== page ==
On the test run, the cable pulled out at the transmission end again. Before it did, it proved that it was shifting nicely, and working fine.

Also found a pretty bad oil leak from what looks like the rear main seal. Could be the oil pan gasket, but I doubt it. Looks like the engine will be coming out to fix it.

I took some pictures while I had the Monte out on the nice fall day.
See the pictures here.

Tom and I went to 2 junk yards on Friday 10/17. This is what I got. A new housing that isn't cracked where the headlight switch attaches, a right hand hood spring in good shape, the vacuum ball for the A/C and heater door controls, and a spacer to use the old Moroso chrome air cleaner from the Elky. The spare speedometer for the Elky was a bonus.


Came out to the garage and there was also transmission fluid leaking. Looks like the grommet for the fill tube is cracked big time. Pulled everything from the top and got ready to pull the engine. This is the staging area and supervisory chair for Tom.

I can't tell you how great it is to have someone to grab a 9/16" socket from the tool box, when I am already under the car with all metric tools. Thanks Tom. The company is welcome.

Here are the old El Camino Exhaust manifolds. Much cleaner than the ones on the car, and the holes have proper plugs instead of crimped tubes. I have the down pipes, and I hope they just bolt on. The challenge will be, to get someone to connect the back half to these. If I had a Y pipe, I could just put a cherry bomb on there for the time being.
Here is the top side, ready to pull the engine. I hope to get to it in the next couple days.


Well I could only wait one day. I picked up the ram for the hoist and went to work. I protected the nose with a 2x4 to help it clear.

It's out!
This is the last view of the very tired exhaust. The Y goes in to the Cat, then to a 3+" single tube, then another Y to the dual exhaust.
Then engine on the floor.
This is the torn grommet on the trans fill tube. It leaks profusely.

I was moving the El camino and had this vision. The view with "Cowl Induction" aiming at the engine.

Click the picture for a larger view. A much larger version is here.


Lots of cleaning today. Tear down to find that the timing chain was really stretched. This is the old one.

This is the new one.

My work space, ready to clean and paint parts. Looks like I'll be getting a timing cover with a little more room for that chain though. It's wider than the original.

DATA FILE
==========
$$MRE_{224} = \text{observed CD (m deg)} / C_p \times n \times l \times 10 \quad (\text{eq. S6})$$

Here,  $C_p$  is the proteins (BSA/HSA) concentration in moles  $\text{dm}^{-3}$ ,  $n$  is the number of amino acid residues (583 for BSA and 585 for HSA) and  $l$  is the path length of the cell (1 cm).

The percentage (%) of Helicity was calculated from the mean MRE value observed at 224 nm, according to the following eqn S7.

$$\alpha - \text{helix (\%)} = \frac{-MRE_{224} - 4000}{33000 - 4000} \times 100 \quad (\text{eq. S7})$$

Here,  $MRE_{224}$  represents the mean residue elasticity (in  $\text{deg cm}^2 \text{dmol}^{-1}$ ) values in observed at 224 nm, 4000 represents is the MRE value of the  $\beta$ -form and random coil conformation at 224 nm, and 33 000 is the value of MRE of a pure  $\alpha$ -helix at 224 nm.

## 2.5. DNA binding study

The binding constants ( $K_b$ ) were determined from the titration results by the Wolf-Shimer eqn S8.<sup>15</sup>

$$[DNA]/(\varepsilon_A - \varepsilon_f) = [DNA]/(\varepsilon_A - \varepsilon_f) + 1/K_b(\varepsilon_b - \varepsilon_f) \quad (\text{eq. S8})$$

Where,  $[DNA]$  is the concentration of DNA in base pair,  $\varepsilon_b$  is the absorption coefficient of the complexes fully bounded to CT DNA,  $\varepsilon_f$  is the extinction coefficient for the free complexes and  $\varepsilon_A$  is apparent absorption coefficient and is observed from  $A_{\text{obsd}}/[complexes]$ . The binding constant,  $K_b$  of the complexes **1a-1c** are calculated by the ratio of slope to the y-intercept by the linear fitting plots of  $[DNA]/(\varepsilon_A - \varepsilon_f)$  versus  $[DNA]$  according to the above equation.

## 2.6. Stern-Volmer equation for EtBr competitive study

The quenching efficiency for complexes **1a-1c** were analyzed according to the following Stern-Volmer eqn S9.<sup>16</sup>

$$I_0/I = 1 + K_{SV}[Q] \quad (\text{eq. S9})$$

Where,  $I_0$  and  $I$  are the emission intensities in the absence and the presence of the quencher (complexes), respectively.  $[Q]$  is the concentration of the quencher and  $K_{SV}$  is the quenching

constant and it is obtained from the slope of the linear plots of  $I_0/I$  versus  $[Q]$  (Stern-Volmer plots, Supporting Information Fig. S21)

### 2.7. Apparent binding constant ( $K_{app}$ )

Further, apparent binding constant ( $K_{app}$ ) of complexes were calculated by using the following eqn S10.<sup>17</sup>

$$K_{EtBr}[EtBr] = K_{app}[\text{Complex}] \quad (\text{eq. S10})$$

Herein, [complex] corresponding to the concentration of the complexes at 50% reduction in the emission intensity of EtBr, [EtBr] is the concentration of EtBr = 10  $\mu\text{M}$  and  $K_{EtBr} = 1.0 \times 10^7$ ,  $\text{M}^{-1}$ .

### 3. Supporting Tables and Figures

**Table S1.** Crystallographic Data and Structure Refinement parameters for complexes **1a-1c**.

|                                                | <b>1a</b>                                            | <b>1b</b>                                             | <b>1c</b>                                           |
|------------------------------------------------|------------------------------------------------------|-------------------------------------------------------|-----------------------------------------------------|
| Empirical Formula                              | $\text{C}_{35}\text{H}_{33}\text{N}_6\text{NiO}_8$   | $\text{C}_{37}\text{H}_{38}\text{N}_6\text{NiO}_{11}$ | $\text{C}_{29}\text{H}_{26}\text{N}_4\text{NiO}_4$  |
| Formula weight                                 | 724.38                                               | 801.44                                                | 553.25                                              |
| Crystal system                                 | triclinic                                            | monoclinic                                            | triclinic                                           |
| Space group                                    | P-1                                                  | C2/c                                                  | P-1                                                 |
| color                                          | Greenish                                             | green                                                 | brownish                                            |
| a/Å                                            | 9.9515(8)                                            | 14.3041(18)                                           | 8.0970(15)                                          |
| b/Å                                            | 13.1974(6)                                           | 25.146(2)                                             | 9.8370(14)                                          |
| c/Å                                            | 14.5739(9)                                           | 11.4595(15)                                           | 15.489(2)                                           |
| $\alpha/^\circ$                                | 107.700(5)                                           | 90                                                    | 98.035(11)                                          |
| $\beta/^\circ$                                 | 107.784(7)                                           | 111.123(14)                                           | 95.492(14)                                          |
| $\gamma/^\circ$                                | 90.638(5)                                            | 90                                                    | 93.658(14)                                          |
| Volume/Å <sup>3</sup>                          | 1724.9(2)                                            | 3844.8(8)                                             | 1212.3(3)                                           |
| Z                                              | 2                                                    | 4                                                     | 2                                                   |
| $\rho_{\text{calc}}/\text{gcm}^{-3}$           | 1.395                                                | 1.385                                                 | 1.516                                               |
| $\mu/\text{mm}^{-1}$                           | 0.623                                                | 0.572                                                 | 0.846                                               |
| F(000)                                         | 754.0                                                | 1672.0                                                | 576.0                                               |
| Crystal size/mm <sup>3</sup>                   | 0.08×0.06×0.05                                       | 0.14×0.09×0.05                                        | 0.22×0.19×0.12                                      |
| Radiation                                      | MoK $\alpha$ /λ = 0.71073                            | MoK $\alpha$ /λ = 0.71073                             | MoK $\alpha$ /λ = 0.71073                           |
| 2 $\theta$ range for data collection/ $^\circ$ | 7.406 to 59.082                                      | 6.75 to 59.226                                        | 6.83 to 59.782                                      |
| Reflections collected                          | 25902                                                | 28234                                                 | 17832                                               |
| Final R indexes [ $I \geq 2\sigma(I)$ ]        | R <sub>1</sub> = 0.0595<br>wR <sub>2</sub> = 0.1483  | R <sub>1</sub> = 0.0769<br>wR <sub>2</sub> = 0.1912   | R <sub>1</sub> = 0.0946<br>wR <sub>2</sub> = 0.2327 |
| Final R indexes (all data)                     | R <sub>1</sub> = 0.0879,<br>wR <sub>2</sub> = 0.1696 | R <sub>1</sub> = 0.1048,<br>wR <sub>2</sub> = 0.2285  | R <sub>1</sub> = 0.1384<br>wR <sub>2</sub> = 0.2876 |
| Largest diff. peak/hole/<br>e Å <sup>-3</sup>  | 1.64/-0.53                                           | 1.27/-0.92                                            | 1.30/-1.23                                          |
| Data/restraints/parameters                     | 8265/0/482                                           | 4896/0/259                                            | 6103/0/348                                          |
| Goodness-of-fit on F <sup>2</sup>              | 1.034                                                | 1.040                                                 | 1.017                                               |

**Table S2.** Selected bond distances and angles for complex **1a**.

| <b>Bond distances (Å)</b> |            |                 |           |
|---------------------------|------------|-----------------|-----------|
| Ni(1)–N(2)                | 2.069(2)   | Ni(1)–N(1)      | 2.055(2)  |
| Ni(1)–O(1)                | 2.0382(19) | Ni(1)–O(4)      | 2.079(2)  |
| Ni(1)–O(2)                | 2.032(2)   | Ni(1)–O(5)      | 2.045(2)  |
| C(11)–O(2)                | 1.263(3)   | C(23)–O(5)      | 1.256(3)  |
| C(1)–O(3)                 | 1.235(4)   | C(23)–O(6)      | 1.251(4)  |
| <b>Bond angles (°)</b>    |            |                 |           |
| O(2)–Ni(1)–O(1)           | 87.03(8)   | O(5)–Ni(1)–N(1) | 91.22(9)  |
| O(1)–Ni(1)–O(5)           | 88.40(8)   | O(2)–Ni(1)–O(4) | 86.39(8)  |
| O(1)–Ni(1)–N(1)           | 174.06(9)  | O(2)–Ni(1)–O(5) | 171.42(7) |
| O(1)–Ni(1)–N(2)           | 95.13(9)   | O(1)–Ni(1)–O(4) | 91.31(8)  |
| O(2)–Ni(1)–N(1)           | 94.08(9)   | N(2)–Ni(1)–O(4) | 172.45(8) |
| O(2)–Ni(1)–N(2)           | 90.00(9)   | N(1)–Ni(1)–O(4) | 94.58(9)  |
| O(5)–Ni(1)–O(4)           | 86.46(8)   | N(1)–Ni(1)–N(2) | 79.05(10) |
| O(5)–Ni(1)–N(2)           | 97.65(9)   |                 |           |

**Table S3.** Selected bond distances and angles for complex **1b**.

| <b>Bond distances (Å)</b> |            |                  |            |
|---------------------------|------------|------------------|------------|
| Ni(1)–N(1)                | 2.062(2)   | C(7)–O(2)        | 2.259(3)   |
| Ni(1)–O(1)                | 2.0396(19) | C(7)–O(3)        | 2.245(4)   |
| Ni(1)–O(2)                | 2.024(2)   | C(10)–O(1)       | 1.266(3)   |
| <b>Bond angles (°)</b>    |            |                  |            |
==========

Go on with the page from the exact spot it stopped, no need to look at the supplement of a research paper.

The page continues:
It's also 3/32" too close to the block at the cam side. It needs some sort of shim? Will the cam walk out that far? The top gear in the picture (crank) is for sure seated all the way in.

A couple views of the work space here.
Getting ready to clean and paint these things.


Getting started with clean and paint for the day. This is the only thing that is flat black. I am testing this for the cowl piece. I cleaned it, put rust converter on it, then primed it first. This is the transmission cross member.

The non-blue balancer
Timing chain in position for 2 degrees advanced.
This is a picture of the 4 bolt main caps if you have never seen them.
The timing chain is aligned now, because I drove the crank gear on all the way ... like it was supposed to be.
POR-15 manifold paint. Thanks to Tom for his left overs.
Believe it or not, these are after a lot of cleaning. I scraped and sprayed and sanded a lot after this. I primed everything, then sprayed them.
Here are the results, and the new seal in the timing gear cover.
You can see the grommet sitting there for another day, when I change all the seals in the transmission.
This is the engine upright, with it's new paint. I just have to install the rear seal, and start assembly.
11/4/08 Started off in the garage about 6:30 AM organizing.
Voted right at 7 AM. Then went on some parts runs.

I decided that it would be pretty dumb not to replace the oil pump at this point. So here is the new one. (USA vs. Mexico on the casting)

Here is just one example of what I have run in to everywhere on this thing. The torque converter bolts are not the same. Which one is different?